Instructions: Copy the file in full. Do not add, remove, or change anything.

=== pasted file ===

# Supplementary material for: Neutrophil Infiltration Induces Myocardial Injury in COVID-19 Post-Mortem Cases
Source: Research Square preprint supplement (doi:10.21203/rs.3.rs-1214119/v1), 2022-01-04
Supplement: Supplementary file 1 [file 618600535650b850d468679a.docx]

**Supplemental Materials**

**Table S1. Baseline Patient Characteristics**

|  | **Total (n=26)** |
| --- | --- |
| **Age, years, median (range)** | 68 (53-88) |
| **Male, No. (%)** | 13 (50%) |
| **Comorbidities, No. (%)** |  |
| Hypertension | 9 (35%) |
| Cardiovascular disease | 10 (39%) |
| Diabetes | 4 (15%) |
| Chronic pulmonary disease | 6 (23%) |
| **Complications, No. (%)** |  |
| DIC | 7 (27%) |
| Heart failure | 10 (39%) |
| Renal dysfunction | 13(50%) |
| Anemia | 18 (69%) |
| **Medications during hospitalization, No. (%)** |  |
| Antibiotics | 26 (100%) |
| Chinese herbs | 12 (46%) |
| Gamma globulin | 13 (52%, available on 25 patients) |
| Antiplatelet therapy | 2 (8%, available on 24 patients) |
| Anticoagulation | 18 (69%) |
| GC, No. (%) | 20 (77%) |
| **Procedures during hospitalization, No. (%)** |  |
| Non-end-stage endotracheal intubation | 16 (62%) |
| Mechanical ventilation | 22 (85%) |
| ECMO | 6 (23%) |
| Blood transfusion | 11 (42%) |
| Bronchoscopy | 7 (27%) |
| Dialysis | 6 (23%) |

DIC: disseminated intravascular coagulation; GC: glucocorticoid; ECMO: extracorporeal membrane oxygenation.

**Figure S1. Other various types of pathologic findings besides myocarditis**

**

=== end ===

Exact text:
# Supplementary material for: Neutrophil Infiltration Induces Myocardial Injury in COVID-19 Post-Mortem Cases
Source: Research Square preprint supplement (doi:10.21203/rs.3.rs-1214119/v1), 2022-01-04
Supplement: Supplementary file 1 [file 618600535650b850d468679a.docx]

**Supplemental Materials**

**Table S1. Baseline Patient Characteristics**

|  | **Total (n=26)** |
| --- | --- |
| **Age, years, median (range)** | 68 (53-88) |
| **Male, No. (%)** | 13 (50%) |
| **Comorbidities, No. (%)** |  |
| Hypertension | 9 (35%) |
| Cardiovascular disease | 10 (39%) |
| Diabetes | 4 (15%) |
| Chronic pulmonary disease | 6 (23%) |
| **Complications, No. (%)** |  |
| DIC | 7 (27%) |
| Heart failure | 10 (39%) |
| Renal dysfunction | 13(50%) |
| Anemia | 18 (69%) |
| **Medications during hospitalization, No. (%)** |  |
| Antibiotics | 26 (100%) |
| Chinese herbs | 12 (46%) |
| Gamma globulin | 13 (52%, available on 25 patients) |
| Antiplatelet therapy | 2 (8%, available on 24 patients) |
| Anticoagulation | 18 (69%) |
| GC, No. (%) | 20 (77%) |
| **Procedures during hospitalization, No. (%)** |  |
| Non-end-stage endotracheal intubation | 16 (62%) |
| Mechanical ventilation | 22 (85%) |
| ECMO | 6 (23%) |
| Blood transfusion | 11 (42%) |
| Bronchoscopy | 7 (27%) |
| Dialysis | 6 (23%) |

DIC: disseminated intravascular coagulation; GC: glucocorticoid; ECMO: extracorporeal membrane oxygenation.

**Figure S1. Other various types of pathologic findings besides myocarditis**

**